The purpose of this study was to evaluate the effects of hydroperiod stability, thatch, and nutrients on the emergence and densities of endemic large branchiopods of California vernal pools. Hydroperiod is the preeminent factor influencing temporary aquatic ecosystems (Wellborn et al., 1996; Batzer, 2013), but less is known about species’ responses to hydroperiod stability in experimental settings (Kneitel, 2014). Plant thatch represents the previous terrestrial phase’s influence on the aquatic phase following inundation, and to the best of our knowledge, no study has addressed the potential for thatch to affect large branchiopods. Lastly, nutrients represent spatial subsidies that can occur with runoff from surrounding habitat matrix and can affect bottom-up control of the community. We conducted a full factorial experiment using mesocosms at the arboretum of the California State University, Sacramento campus. Mesocosms were lined with vernal pool soil to evaluate densities of Anostraca (Branhinecta lynchi and Linderiella occidentalis), Notostraca (Lepidurus packardi), and Spinicaudata (Cyzicus californicus) in response to treatments and how they correlated with water quality measurements (dissolved oxygen, conductivity, turbidity, phosphates, nitrates, and chlorophyll-a).

Methods

Experimental design

Soil from vernal pool complexes in the Elder Creek Watershed and Gill Ranch (Sacramento County, CA) were used for the mesocosm experiment (Kneitel & Lessin, 2010; Croel & Kneitel, 2011; Kneitel, 2014; Anderson & Kneitel, 2015). The top 6 cm of soil was removed to insure the presence of the invertebrate egg banks (Brendonck & De Meester, 2003). Soil was homogenized with a cement mixer to intersperse the egg bank.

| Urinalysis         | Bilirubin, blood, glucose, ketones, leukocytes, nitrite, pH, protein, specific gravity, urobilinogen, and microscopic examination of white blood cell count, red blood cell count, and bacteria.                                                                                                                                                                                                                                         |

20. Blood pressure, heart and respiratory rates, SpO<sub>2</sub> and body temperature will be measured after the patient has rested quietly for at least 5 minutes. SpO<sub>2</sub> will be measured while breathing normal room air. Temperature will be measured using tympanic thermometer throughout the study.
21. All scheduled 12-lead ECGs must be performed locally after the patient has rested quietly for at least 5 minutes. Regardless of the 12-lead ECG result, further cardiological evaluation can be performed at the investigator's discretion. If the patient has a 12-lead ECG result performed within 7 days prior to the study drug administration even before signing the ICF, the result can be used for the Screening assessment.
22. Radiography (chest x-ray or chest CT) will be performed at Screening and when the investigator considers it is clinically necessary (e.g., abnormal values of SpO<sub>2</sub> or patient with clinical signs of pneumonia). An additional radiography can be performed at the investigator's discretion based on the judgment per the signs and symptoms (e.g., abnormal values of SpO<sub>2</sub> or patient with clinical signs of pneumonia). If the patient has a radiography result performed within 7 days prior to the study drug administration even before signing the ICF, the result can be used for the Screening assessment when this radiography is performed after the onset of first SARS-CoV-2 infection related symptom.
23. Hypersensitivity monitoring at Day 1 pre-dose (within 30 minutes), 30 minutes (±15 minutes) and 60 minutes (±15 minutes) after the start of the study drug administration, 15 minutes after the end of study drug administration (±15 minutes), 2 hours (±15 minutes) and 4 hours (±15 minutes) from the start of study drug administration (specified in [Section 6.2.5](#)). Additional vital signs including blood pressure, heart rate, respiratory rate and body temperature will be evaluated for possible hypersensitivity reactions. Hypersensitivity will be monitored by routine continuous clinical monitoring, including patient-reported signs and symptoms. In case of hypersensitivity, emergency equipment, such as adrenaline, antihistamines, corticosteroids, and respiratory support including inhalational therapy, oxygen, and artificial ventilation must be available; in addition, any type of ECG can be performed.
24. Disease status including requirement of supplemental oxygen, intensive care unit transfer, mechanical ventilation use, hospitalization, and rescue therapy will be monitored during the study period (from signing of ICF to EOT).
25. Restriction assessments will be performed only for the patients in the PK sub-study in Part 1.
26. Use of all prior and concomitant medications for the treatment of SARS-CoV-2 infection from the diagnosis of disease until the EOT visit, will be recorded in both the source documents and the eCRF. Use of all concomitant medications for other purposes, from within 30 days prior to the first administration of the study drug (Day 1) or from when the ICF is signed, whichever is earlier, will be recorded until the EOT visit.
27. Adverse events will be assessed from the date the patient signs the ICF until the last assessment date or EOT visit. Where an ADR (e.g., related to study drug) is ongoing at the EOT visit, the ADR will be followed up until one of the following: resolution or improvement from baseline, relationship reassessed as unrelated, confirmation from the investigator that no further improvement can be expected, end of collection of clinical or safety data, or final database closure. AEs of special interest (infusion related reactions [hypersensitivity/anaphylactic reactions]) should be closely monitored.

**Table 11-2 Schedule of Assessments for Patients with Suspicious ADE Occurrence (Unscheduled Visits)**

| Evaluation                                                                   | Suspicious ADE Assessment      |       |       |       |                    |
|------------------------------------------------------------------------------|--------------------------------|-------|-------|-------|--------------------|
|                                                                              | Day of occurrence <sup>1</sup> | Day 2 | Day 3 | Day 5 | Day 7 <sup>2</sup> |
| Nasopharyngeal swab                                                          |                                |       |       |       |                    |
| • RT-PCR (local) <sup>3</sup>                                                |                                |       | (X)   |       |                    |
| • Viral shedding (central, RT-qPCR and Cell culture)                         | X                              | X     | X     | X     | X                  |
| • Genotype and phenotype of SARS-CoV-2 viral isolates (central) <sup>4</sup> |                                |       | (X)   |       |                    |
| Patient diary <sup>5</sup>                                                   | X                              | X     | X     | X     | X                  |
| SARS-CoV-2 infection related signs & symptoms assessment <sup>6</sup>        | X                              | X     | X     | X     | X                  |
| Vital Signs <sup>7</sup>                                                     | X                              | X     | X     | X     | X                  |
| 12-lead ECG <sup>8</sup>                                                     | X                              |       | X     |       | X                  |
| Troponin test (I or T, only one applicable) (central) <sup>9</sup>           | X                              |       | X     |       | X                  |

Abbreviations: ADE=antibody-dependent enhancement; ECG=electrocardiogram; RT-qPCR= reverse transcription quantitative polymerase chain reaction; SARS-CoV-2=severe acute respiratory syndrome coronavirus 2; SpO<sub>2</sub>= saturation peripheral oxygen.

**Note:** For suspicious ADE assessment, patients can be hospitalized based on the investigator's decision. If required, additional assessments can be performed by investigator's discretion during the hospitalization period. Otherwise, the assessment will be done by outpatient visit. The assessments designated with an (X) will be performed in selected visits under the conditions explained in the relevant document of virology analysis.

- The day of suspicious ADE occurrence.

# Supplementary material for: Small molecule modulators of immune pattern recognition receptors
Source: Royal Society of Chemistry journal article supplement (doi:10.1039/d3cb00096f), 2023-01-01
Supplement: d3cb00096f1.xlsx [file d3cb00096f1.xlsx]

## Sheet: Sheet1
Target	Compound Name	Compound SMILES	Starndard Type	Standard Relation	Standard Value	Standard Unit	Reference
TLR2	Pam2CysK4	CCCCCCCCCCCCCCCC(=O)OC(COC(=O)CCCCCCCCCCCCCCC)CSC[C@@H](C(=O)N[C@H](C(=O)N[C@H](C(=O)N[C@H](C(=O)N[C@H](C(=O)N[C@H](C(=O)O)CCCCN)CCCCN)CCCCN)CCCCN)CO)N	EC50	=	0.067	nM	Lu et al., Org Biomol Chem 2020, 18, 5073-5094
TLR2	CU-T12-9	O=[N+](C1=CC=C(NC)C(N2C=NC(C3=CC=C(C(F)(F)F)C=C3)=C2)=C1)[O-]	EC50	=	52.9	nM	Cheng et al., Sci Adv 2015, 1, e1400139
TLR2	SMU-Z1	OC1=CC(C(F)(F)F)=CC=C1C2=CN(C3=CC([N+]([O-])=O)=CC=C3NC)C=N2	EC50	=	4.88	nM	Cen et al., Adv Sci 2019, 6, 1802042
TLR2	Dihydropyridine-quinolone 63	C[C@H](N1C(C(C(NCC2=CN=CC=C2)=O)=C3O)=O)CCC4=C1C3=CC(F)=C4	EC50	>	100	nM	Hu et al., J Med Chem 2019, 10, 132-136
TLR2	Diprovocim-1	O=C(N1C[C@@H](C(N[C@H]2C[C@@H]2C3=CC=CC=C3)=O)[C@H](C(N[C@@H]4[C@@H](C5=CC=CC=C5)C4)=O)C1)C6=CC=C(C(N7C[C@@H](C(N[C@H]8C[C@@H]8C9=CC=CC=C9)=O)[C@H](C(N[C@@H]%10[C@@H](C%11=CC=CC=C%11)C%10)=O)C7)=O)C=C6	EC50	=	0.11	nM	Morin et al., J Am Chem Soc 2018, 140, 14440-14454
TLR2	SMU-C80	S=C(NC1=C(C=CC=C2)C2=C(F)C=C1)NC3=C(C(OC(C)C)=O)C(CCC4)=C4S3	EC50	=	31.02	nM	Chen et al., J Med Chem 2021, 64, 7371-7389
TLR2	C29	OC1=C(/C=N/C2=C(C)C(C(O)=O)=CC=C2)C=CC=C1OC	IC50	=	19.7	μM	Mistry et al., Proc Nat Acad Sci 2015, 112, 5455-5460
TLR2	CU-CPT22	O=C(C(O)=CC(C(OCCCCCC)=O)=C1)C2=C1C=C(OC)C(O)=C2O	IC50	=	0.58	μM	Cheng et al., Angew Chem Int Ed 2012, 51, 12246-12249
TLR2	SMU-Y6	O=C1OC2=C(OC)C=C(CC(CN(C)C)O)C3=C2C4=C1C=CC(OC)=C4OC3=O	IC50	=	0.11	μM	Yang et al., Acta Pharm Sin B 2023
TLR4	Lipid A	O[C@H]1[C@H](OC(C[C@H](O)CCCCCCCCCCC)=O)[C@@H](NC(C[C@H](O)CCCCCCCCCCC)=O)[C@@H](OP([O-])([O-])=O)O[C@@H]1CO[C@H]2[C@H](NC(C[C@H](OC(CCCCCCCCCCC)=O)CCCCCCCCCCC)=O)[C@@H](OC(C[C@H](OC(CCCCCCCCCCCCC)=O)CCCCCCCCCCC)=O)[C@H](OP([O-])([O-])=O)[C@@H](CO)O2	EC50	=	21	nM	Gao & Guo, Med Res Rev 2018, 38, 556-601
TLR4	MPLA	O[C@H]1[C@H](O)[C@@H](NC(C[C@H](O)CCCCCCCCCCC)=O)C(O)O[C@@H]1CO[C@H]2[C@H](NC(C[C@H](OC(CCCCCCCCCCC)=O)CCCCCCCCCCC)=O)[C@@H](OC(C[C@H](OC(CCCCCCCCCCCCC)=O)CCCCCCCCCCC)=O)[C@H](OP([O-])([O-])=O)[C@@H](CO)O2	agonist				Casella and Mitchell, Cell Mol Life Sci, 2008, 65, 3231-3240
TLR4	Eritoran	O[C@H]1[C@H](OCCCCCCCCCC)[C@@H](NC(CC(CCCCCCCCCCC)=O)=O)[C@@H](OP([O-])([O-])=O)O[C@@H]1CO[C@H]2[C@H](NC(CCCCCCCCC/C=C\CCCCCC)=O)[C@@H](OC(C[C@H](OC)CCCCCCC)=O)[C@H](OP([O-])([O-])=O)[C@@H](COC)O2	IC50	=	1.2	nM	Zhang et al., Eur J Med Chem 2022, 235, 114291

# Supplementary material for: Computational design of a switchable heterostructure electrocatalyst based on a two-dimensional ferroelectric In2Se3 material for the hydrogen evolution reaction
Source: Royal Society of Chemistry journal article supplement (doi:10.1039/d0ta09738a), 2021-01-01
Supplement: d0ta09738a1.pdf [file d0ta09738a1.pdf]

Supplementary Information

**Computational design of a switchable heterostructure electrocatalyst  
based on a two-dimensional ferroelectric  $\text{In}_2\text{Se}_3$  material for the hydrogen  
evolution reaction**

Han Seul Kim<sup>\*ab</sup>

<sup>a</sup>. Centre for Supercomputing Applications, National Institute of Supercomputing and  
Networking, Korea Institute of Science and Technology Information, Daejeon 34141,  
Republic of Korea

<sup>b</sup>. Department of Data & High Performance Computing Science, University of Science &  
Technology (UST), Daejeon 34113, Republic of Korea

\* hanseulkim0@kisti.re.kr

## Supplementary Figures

In December 2014, 48 mesocosms (containers held 151 l; mesocosm dimensions: length = 1.03, width = 0.36 m, height = 0.72 m, area = 0.37 m2) were established outdoors at the California State University, Sacramento arboretum. Approximately 7 kg of the homogenized soil was added, which resulted in approximately 2 cm depth of soil. Mesocosms were left uncovered over the course of the study to allow for active dispersers to colonize. Well water was used to supplement natural rainfall to fill the mesocosms.

Twelve treatments were randomly assigned to mesocosms in a randomized block (n = 4 blocks) arrangement. The experimental design was a full factorial 2 × 2 × 3 that consisted of hydroperiod (stable and unstable), nutrient addition (control and addition), and thatch (control, native plant thatch, and exotic plant thatch). The stable-hydroperiod (long hydroperiod) treatment was inundated for 20 weeks (December–May) and the unstable-hydroperiod treatment consisted of a 9-week inundation (December–March), which desiccated and kept dry for 2 weeks, then refilled for another 9 weeks of inundation (March–May). Desiccation occurred naturally, and approximately 20 l was removed twice weekly over the last 2 weeks of the unstable hydroperiod. Removed water was poured through a net (0.2 mm mesh) and all filtered individuals were returned to the mesocosm. To ensure that the water removal did not create an added disturbance, the long hydroperiod treatments had the same procedure applied to them, but water was added to refill the mesocosm.